"Definitely. When it comes down to it, music is just sound. No matter the genre, if you bring that word on the table, or the type of sounds. In essence, It is just sound and you react on impulses. The more you are capable of being in the moment, the more you will be able to let the music speak its own language. If you get to the essence of it all, there is no difference to me between playing a song with a singer and playing abstract music with Stork. In essence, it is the same. Some sounds are created and they inspire you to do something or you throw some sounds out that provoke a reaction. It is about being faithful towards the music without thinking too much. Just let it play."
"I had a masterclass with the pianist Butch Lacy and he said that the music is there all the time. It is a river that flows all the time -this is also true when we don't play. When we play, we just jump into the river and let ourselves be carried away. It is a great metaphor that explains what goes on when you play, at least for me. You don't have to control the music, you can just float away. You can do this no matter if it is a song with simple chords or advanced music. The more you do this, the less work, because then it is dictated from somewhere."
The idea of the music coming from somewhere else points towards something metaphysical and spiritual. Toldam elaborates on the spiritual dimension in music that can also be recognized in a pianist like Keith Jarrett:
"I definitely believe that you need to have some kind of spirit, but it does not have to be religious, I don't think it should be that, but there is a spiritual layer. It is not because I feel that when I play that things come from above, I don't know where they come from -and sometimes there is just emptiness. When you play, there are certain sounds, surroundings, and you have the people you are playing with on the stage. It gives some impulses that provoke a conscious or unconscious reaction. That's the practical way of looking at it, but there is definitely also a spiritual layer. It has something to do with the fact that everyone can hit a cymbal with a drumstick, but sometimes it sounds so beautiful that it can make you cry. Why is it that way?"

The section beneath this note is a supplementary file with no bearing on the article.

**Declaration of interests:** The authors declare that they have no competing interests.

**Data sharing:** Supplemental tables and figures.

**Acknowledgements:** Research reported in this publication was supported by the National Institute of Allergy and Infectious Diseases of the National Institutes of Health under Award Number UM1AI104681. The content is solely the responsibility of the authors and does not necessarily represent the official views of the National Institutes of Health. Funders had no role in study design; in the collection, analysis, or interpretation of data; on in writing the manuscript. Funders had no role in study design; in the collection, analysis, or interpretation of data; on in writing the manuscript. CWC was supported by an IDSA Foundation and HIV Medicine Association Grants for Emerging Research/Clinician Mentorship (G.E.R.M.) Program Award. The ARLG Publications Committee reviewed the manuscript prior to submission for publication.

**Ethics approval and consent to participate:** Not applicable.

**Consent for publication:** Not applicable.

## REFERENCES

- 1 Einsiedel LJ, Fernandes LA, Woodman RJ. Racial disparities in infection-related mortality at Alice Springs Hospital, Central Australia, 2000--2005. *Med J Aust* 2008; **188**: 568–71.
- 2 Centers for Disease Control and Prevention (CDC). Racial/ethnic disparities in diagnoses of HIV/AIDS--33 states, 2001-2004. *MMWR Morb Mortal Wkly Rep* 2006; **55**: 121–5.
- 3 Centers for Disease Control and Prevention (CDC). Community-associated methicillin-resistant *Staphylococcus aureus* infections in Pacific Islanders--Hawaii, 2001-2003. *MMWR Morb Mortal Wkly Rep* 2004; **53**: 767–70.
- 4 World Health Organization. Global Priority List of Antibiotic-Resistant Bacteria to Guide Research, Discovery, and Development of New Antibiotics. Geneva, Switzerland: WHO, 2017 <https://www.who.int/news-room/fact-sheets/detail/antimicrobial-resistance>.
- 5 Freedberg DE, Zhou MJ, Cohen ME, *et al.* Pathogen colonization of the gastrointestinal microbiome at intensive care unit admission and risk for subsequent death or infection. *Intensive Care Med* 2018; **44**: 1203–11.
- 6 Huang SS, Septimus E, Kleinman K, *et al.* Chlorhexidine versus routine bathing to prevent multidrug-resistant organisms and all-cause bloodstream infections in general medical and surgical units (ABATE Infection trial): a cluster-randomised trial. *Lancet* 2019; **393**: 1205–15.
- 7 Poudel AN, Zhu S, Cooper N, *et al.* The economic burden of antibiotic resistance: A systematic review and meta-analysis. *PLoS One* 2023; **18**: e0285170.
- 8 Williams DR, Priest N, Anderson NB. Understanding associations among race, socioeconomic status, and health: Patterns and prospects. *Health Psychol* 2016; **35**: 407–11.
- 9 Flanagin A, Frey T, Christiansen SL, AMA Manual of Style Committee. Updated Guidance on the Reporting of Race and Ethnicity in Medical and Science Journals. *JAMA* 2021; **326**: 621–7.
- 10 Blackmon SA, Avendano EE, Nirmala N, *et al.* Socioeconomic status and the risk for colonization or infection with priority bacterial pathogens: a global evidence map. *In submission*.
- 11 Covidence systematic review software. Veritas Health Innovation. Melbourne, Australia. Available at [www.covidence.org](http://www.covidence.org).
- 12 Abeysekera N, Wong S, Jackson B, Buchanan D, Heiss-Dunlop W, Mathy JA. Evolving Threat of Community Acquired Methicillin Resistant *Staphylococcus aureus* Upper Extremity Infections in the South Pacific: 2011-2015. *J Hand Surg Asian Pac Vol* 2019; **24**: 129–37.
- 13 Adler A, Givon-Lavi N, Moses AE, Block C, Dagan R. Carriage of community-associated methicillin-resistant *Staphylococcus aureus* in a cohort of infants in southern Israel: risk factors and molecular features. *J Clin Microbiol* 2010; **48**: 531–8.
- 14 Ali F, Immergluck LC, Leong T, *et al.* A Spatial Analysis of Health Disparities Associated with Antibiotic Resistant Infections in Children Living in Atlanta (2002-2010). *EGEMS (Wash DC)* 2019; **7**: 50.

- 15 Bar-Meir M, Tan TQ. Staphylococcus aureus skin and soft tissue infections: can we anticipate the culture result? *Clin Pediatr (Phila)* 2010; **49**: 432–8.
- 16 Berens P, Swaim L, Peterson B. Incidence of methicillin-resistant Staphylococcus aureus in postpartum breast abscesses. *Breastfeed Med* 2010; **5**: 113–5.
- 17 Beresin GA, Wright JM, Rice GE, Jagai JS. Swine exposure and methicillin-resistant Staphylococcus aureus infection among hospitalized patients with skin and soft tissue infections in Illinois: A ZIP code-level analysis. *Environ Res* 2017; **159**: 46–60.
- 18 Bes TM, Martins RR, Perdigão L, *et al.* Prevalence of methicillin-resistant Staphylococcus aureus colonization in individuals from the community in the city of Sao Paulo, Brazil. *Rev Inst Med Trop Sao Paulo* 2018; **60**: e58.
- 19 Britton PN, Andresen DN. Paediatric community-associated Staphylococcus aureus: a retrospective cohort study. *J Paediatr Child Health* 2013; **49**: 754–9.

Speaking of people who are capable of hitting a cymbal with a drumstick in a special way, Toldam plays in a trio with Dutch avant-garde drummer Han Bennink and comments on his relationship with the drummer:
"I'm really grateful because I have been allowed to play with him and still do. Not just playing with him, but also being with him. As a human, he is really exciting to be around and he is totally present when you are with him. Life and art coalesce all the time. And I have learned a lot from playing with him. The first couple of times I played with him I felt as if he could not hear what I was playing. The very first time was like a freight train that started when we played. If I had to do anything at all, I had to create my own freight train and hope that perhaps we would meet at some point. Because I could not hear that we played together."
"But after we played together for some time, I realized that he reacts on everything, but oftentimes with tiny details and he hears something in the music I play that I don't hear myself. He has an incredibly sense of rhythm -when I play something he finds some kind of rhythm or tempo in it that I cannot hear myself, in that way he is able to transform my playing so it becomes something entirely new because he hears a layer that I cannot identify myself. Therefore, it is educational to play with someone like him and, besides, he has this otherworldly swing that grabs you. He has old school jazz mixed with the Fluxus-movement and the avant-garde approach where everything can become art if you want it to be. He can both enjoy playing a good song without doing anything about it and he can freak out and become abstract."
The idea of moving in different musical areas that Toldam has experienced with Bennink is also something that he brings to his own trio:
"It is exciting to be able to move between these outer reaches. To be able to move in such a big area where you can play a beautiful song and a swinging tune and suddenly a new door opens and you are doing something different. This is also something I bring to the trio, the joy of doing both things without being limited by any band rules or restrictions. There is a more clear direction in my other project Stork and that adds something else."
While Toldam's two main projects, the trio and Stork, could be seen to represent two opposites, a free and more through-composed approach, Toldam himself is sensing a growing affinity between them: